Thor: Ragnarok (12A) ***
Call Me By Your Name (15) ****
Breathe (12A) ***
The only thing that makes sense is that nothing makes sense,” says a blue rock monster with a New Zealand accent at one point in Thor: Ragnarok. Given that said monster – his name is Korg – is played by director Taika Waititi (What We Do in the Shadows, The Hunt For the Wilderpeople), take this to be his own playful way of acknowledging the confusion inherent in trying to make sense of a vast superhero franchise that not only mixes sci-fi, Norse mythology and big green monsters, but is by now so convoluted – this is the 17th movie in the interconnected Marvel Cinematic Universe – that you really need a Powerpoint presentation running concurrently with the film to have any hope of keeping track of the myriad characters and plot machinations.
The good news, though, is that in acknowledging that nothing really makes sense for lay viewers, Waititi has freed himself up to make the most idiosyncratic Marvel movie since Shane Black turned Iron Man 3 into a sardonic, self-aware send-up of the whole genre. Waititi’s comic sensibility is much gentler than Black’s, however, and that’s reflected in the way he’s made a superhero movie that’s not afraid to be silly.
It’s also gone full retro – but in a good way. Unlike this year’s cynical, smug and rather charmless Guardians of the Galaxy sequel, the production design and music reference the 1980s in ways that have genuine affection for the era. And the film isn’t content to simply bandwagon-jump Stranger Things and It either. Thor’s touchstones are the shonky sci-fi films and synth-pop of the era. This is a film made by people who have clearly imbibed Flash Gordon, Tron and forgotten Star Wars rip-offs like Krull in their youth. It’s a film that thinks nothing of referencing Duran Duran in the wardrobe choices of one major character and Jean-Paul Gaultier in those of another. It’s also a film that may be bookended with the thunderous riffs of Led Zeppelin’s Immigrant Song – with its galloping drums and Thor-appropriate “hammer of the gods” war cry – but reverts to the new wave synth-stylings of Devo’s Mark Mothersbaugh for the majority of the score.
That’s all to the good, especially given the Ragnarok portion of the title is a reference to a coming apocalypse set to spell the end for Thor’s home planet of Asgard. Nevertheless there’s only so much dismantling of the Marvel house-style permissible. Action-wise it’s CGI overload all the way with the same bloodless, destructive set-pieces Marvel has made its stock-in-trade.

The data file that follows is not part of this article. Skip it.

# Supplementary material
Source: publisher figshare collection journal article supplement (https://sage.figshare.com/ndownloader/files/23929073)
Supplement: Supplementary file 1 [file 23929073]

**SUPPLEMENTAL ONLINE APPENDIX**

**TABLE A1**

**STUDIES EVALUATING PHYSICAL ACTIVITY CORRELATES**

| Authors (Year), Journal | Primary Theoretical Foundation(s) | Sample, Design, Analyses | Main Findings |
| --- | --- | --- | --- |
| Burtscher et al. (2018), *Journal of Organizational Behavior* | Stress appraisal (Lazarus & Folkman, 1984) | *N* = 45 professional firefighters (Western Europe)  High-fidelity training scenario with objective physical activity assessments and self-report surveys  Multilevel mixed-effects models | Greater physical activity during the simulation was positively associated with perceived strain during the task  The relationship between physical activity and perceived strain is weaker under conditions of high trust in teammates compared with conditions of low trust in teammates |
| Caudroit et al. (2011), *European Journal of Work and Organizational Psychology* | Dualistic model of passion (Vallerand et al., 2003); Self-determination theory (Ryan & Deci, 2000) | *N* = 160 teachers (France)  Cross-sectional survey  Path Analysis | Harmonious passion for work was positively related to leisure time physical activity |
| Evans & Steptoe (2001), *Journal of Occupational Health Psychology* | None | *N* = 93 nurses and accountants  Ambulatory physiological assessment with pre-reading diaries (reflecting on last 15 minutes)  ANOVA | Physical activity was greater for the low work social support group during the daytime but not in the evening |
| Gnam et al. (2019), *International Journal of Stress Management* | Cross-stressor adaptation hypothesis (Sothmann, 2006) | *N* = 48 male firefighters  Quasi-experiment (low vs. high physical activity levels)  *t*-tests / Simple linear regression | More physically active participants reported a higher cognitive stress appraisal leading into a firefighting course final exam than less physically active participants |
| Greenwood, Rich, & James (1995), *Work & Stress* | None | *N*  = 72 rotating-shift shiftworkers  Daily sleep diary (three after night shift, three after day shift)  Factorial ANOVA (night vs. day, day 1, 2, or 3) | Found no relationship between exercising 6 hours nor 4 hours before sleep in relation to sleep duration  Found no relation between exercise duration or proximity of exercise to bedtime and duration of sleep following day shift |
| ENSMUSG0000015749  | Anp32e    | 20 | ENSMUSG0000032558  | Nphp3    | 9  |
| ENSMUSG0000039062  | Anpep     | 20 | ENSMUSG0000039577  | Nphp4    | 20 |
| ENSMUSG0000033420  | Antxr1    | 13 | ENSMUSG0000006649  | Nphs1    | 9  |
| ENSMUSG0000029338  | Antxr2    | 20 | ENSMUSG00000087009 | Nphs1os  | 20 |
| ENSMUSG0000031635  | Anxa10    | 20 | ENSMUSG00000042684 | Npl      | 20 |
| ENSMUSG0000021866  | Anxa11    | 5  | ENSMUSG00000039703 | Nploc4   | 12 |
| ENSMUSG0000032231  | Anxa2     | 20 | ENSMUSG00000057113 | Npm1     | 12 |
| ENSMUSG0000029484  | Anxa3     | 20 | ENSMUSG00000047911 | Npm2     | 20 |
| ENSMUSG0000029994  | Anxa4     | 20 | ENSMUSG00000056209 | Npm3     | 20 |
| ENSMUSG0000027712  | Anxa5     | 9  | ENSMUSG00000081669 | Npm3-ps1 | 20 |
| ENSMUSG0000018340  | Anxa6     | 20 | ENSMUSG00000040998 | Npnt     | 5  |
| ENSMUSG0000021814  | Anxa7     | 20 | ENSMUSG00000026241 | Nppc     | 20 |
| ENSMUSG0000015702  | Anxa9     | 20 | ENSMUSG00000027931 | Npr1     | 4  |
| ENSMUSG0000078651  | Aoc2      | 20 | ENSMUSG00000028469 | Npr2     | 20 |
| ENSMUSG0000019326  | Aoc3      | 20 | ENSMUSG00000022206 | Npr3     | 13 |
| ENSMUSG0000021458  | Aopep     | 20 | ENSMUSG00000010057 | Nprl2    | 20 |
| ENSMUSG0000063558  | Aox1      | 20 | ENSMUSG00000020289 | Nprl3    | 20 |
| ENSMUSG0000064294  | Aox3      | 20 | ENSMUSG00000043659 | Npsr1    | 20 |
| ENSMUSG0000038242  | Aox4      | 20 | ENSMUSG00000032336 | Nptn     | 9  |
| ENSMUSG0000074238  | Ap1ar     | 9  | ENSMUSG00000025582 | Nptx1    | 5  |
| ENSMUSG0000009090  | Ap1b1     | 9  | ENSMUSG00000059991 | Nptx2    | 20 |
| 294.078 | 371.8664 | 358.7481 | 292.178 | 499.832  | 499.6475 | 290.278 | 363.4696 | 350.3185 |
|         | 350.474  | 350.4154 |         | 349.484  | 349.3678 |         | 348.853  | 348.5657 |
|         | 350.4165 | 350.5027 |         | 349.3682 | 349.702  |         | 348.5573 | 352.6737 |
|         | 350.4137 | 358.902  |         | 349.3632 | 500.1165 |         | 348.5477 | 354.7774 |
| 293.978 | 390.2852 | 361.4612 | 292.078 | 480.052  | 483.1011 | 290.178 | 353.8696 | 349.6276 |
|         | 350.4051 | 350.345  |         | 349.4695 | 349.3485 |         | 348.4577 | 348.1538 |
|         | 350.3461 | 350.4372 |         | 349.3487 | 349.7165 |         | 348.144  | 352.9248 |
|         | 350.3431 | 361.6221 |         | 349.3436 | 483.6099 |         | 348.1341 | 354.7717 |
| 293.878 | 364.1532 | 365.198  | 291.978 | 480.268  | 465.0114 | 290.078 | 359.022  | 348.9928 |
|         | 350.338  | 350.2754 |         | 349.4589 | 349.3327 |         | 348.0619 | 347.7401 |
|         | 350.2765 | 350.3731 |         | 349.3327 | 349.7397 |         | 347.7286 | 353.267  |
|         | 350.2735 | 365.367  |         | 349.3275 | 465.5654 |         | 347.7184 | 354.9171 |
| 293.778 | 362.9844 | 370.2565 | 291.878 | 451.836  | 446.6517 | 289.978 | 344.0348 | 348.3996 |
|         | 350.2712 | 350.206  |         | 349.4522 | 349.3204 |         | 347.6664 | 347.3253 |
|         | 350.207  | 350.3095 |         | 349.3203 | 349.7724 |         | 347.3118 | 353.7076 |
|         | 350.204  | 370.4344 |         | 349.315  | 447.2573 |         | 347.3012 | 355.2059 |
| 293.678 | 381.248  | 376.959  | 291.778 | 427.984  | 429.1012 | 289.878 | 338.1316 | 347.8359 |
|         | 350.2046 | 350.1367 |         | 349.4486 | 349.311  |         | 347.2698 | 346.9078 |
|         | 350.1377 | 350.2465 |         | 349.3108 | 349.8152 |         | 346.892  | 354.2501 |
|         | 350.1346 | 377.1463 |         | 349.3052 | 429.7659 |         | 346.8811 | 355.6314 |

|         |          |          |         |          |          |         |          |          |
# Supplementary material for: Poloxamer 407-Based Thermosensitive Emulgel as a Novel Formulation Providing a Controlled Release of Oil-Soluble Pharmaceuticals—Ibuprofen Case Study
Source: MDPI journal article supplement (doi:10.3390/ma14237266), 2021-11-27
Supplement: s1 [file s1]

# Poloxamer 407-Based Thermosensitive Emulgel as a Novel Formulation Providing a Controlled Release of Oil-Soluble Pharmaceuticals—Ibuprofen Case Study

Even with the addition of Cate Blanchett as the villainous older sister of Thor (Chris Hemsworth) and his back-from-the-dead brother Loki (Tom Hiddleston), the film only really comes into its own when it deposits the brothers on a day-glow scrapyard planet ruled by an egocentric oddball. Said oddball is played by Jeff Goldblum and his character’s penchant for gladiatorial combat results in a hammerless Thor facing-off against “a friend from work” (hint: he’s big and green), who just happens to have landed on this planet too. There are a lot of coincidences like that in the film, but it also throws up some nice surprises, like the addition of Tessa Thompson as an unapologetically drunken Valkryie warrior from Thor’s home planet. Though she dresses and acts like she’d rather be in a Mad Max movie, she’s a great addition to this male-dominated universe and her comic repartee with Hemsworth is nicely judged. In some ways it’s a shame the film isn’t quite as entertaining as this lengthy second act, but it’s also reassuring that good directors can still find ways to put their own stamp on these gargantuan movies.
Call Me By Your Name sees Italian director Luca Guadagnino follow up A Bigger Splash with an intimate coming-of-age story that’s much mellower in tone, if not in the passions it’s exploring. Set over the course of a languorous summer in Northern Italy in 1984, it revolves around Elio (Timothée Chalamet), the 17-year-old son of an American academic (Michael Stuhlbarg) who falls for Oliver (Armie Hammer), his father’s 20-something research student. Truthful in its depiction of teenage sexual confusion and desire, it’s a film that captures the way both can be all-encompassing, but also poignantly makes clear how important those early experiences are in shaping the people we become. The performances are casually brilliant, with Hammer good as the exotic, American interloper and Chalamet excellent as a kid forcing himself to be open to experimenting with who he might really be. Stuhlbarg too has quite a remarkable scene towards the end of the film that underscores the importance of seizing love in whatever form it takes.
Marking the directorial debut of Andy Serkis, true-life tear jerker Breathe may seem like an unusual choice of project for the motion capture pioneer, but not when you realise its subject – polio sufferer and disabled rights campaigner Robin Cavendish (played by Andrew Garfield) – invented a future for himself in the 1950s by developing technology that would allow him to experience the world in ways that were unimaginable to the medical authorities of the time. Though the film conforms a little too neatly to the inspirational biopic movie tropes, Serkis contrives a few scenes of almost sci-fi like horror that occasionally break Cavendish’s story out of the film’s own stiff-upper-lipped conventions. ■